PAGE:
Smooth Sailing – Round 1 – NYC Midnight Flash Fiction Challenge

Let me start off by apologizing to my regular blog followers. I have been completely negligent of my blog the past few months due to some personal matters. But, my life is gradually returning to a new, steady rhythm and I hope to begin blogging again soon. Thanks for your patience!

For today, I’d like to share my most recent experience from the first round of this year’s NYC Midnight (NYCM) Flash Fiction Challenge (FFC). As a quick reminder, the NYCM FFC is a writing contest where writers are given three prompts (genre, location, and object), and then 48-hours to write a 1,000 word story. It’s always crazy! But fun.

Round one kicked off last Friday night at 10 p.m. (MST) when I received my assignment:

Screen Shot 2016-07-23 at 10.34.05 PM

First impressions: 

Drama

A corporate conference room

A baby rattle

…Yeah.

No joke, I wanted to go to bed right then and there. Talk about BORING! I’m used to off the wall prompts (like an action adventure that has to take place in an underwater cave and incorporate a dumbbell). I was also a touch nervous because drama tends to mean literary, and I’m much more of a commercial writer. Ugh.

I allowed myself about 15 minutes to absorb the prompts and get over my “I don’t wanna” attitude. Then I hunkered down with my favorite brainstorm buddy and personal Simon Cowell (my mom) and contemplated what to write about.

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I instantly assumed many of my competitors would take the corporate conference room and baby rattle prompts and write a story about a custody battle. So, I wanted to stay as far away as possible from that sort of plot line. For a few minutes, I considered writing about a plane crash involving a woman who smuggled diamonds via baby rattles. But, even that wasn’t thrilling me.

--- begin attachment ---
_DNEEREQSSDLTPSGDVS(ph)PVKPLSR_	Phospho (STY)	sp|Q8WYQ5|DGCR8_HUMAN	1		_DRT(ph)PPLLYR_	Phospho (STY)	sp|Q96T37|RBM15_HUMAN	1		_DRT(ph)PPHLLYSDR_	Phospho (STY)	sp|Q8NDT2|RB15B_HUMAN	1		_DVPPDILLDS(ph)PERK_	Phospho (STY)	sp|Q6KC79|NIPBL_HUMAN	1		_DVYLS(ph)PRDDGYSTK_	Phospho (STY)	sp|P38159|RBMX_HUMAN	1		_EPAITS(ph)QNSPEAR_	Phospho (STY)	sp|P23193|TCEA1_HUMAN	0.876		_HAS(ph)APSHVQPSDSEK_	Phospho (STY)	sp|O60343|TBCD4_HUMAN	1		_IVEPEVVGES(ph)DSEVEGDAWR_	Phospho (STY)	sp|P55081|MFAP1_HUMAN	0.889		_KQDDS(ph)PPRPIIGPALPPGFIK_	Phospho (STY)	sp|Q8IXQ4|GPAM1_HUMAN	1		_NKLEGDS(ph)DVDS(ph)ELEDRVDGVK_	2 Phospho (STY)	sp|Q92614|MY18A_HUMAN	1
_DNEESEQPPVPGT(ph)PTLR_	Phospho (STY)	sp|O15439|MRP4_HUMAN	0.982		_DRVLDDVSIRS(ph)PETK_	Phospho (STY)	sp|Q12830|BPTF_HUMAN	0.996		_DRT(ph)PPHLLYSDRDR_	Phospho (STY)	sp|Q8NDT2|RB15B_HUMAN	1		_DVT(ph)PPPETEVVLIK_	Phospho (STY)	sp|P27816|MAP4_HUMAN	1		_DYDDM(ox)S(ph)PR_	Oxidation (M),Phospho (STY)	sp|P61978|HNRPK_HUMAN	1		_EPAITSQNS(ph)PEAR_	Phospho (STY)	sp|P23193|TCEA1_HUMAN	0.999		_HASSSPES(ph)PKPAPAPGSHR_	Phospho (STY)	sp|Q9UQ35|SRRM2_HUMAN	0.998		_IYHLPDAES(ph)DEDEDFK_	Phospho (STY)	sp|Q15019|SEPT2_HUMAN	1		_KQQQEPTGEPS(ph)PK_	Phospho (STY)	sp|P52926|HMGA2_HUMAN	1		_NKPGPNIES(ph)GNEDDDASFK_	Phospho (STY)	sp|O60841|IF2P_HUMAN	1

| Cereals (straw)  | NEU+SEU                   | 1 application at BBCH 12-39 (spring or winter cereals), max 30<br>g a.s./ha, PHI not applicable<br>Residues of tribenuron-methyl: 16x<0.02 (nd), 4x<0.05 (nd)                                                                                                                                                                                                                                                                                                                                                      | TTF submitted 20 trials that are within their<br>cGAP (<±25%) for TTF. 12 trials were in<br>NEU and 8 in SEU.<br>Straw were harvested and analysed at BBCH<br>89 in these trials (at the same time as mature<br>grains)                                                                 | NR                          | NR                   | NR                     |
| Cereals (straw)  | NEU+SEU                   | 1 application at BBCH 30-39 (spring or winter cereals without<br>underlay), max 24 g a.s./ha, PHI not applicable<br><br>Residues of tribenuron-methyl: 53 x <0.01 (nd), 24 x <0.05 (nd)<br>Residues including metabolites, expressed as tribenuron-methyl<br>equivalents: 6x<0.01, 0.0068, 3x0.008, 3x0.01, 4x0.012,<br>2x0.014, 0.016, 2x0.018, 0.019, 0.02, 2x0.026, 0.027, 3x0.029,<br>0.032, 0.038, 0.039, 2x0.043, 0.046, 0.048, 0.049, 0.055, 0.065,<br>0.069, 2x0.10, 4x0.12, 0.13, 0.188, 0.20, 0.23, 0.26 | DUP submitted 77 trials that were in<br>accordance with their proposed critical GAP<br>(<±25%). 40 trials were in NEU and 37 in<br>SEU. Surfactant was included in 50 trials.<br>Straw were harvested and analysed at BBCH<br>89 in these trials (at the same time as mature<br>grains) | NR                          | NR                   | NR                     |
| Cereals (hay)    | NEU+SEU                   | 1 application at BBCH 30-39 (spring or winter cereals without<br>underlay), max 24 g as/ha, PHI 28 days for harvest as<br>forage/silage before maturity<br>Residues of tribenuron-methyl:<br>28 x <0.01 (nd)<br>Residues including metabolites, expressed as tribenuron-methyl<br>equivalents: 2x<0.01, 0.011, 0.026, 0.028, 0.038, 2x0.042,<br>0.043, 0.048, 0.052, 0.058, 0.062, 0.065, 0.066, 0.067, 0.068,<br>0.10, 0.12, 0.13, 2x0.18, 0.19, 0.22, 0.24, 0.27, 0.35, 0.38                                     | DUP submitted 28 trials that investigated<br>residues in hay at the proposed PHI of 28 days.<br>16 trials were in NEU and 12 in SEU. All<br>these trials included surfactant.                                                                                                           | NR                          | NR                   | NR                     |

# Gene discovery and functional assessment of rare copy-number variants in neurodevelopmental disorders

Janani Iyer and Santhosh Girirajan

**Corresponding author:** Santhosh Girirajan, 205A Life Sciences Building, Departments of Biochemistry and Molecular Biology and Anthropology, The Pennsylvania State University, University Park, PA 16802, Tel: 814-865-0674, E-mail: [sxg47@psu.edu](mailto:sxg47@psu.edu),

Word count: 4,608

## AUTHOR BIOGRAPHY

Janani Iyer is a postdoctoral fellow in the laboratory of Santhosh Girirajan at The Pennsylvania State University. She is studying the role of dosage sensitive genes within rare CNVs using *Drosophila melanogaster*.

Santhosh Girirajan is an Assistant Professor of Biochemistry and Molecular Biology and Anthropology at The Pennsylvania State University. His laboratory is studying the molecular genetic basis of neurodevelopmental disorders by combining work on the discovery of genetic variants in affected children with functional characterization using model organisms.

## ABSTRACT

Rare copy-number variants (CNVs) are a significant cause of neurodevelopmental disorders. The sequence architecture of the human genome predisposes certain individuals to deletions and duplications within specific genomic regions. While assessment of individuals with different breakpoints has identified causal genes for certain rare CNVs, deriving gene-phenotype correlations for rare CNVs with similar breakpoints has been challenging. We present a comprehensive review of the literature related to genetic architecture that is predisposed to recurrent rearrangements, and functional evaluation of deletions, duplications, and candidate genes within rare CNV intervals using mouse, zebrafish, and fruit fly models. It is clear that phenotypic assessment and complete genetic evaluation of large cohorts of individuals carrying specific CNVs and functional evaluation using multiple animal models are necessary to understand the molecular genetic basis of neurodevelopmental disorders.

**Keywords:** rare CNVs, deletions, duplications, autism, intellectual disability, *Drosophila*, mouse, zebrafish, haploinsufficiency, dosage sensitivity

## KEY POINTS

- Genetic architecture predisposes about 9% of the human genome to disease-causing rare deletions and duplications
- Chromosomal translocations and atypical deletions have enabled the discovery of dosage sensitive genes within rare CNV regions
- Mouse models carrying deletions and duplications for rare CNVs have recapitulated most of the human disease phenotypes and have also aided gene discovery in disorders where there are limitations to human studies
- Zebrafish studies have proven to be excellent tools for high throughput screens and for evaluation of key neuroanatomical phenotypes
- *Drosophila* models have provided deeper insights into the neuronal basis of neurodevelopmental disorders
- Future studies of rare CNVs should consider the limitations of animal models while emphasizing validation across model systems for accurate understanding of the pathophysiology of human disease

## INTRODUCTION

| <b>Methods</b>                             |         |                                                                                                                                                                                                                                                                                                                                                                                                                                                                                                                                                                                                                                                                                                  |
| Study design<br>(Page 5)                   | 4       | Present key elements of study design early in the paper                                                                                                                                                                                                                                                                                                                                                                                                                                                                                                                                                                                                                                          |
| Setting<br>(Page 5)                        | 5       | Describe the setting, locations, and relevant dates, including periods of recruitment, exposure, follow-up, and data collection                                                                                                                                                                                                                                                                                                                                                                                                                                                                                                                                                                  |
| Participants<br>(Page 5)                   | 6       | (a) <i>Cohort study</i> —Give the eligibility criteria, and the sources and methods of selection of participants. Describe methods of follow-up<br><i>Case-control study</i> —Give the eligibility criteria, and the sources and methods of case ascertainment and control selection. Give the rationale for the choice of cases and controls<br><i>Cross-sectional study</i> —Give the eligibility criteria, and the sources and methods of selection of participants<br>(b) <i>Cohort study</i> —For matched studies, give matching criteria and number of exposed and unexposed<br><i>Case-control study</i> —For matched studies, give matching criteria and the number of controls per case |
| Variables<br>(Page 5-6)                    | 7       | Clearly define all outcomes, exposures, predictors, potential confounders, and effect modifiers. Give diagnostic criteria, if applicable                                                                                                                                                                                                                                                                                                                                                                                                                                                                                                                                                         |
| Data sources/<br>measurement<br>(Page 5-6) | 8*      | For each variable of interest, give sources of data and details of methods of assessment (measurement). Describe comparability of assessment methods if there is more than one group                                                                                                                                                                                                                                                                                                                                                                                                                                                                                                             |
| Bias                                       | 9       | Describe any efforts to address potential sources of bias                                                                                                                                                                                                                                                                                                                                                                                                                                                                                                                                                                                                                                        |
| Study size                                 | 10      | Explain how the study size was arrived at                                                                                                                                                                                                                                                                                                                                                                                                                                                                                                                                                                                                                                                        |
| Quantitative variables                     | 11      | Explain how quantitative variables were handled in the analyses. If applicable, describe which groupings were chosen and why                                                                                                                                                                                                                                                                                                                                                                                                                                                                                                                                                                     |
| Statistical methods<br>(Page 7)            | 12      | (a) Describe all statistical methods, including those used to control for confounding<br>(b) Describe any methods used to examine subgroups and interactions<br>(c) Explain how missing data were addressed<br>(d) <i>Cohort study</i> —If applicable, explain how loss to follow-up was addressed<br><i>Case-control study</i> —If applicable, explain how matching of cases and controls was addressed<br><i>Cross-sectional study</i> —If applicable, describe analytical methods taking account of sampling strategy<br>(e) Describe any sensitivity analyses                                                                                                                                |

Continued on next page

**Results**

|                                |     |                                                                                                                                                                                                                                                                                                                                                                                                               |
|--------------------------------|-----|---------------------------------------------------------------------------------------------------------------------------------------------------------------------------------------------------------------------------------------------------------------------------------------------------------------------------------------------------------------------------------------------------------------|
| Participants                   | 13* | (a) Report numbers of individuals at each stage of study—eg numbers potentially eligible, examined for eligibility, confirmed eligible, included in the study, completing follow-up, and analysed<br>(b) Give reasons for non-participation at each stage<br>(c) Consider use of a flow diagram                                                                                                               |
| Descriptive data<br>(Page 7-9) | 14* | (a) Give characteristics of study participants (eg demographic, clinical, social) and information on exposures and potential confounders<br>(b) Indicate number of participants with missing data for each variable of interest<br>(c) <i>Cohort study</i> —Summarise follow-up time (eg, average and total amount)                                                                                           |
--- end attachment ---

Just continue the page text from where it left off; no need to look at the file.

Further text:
Without knowing it, my eyes drifted to my nephew’s water bottle sitting next to my elbow. While gazing at its green space shuttles and yellow stars, a new idea struck me.

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Space! Astronauts! Exploration! I pitched the idea to my mom, and she instantly said, “Yes! I love it.” Suddenly, my prompts were no longer boring.

After another hour of contemplating and brainstorming (about characters, conflict, plot, etc.), I packed up my computer and went home to get some much needed sleep.

On Saturday, I spent most of the morning watching documentaries about outer space, debating various routes to take with my characters, and helping fellow competitors (and friends) brainstorm ideas for their own prompts/stories. Around noon, I realized I better start actually writing. The clock was ticking!

I whipped out an ugly first draft in about an hour. After a quick break, I whipped out a second draft. Then a third. By 6 p.m., I was ready to share it with my first and most critical reader: my mom. I went over to her house and let her read it.

Her response? “It’s so good!”

I was stunned! It’s pretty rare for my mom to like my first attempt during these challenges (i.e. during last year’s first round of FFC, she basically told me to trash my entire concept and start over).

Filled with giddy relief, I proceeded to revise and edit my story until I had a beta worthy draft. Before bed, I sent it out with the hope I’d have more critical feedback by the time I woke up on Sunday.

To my delight and utter disbelief, I awoke to more positive reviews. Everyone really liked my story. Like, really liked it. I was shocked. In 15 rounds of NYCM, I’ve never had a story receive such a positive reception during its infancy.